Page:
“I couldn't believe that here was a woman of Indian heritage who looked like me and who had played such a vital part in the war effort. I just couldn't shake her story. I kept seeing her in my mind and the more I learnt about her loyalty, sacrifice and remarkable courage, the more she got under my skin.”

She adds: “Every new piece of detail I learnt about Noor's time in occupied France and her background (a descendent of Indian nobility, a Sufi Muslim, an accomplished musician and children's author) added to my desire to get this film made.”

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For Naz, whose parents are working-class immigrants who moved to Birmingham, England from Pakistan in the 1970s, sharing Inayat Khan’s story was also about the personal as well as the professional.

“Growing up as a minority and now working in an industry with so few people like me, I feel a real duty to ensure that minority voices are heard and little-known stories like that of Noor Inayat Khan are given prominence.”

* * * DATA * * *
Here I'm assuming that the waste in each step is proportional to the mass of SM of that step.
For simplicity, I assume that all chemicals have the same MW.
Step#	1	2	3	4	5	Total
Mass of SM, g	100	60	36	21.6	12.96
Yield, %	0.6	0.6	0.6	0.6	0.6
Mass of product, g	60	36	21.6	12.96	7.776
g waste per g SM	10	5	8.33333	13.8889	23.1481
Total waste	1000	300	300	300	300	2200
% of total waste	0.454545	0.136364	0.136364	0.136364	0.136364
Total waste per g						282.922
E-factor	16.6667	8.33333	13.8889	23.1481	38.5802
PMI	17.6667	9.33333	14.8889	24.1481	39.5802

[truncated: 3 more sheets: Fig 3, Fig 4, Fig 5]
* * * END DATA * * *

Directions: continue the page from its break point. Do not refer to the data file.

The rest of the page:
Naz put her journalistic training to good use and dug out archive documents, listened to and read accounts from those who had known Inayat Khan. “I even retraced her steps in Paris where I visited her old family home and saw the beautiful memorial in the garden that's dedicated to her,” she says.

With Liberte, popular TV and radio personality Sam Naz has helped unearth the story of one of WW2's forgotten heroines [photo credit: Sam Naz]
Popular TV news personality Sam Naz has helped unearth the story of one of WW2's forgotten heroines [photo credit: Anarchy! Inc]

But why didn’t Naz decide to pursue the more conventional route of a documentary to share this story? She says: “After leaving the BBC [several years ago] and entering the world of freelancing, I decided to take acting classes to build my confidence and ended up loving the process.”

She adds: “I found it to be a more creative and visceral way of telling a story compared to daily news journalism. I immediately knew that this would be the perfect fit for me to explore Noor's story, which is something I'd wanted to do for over a decade.”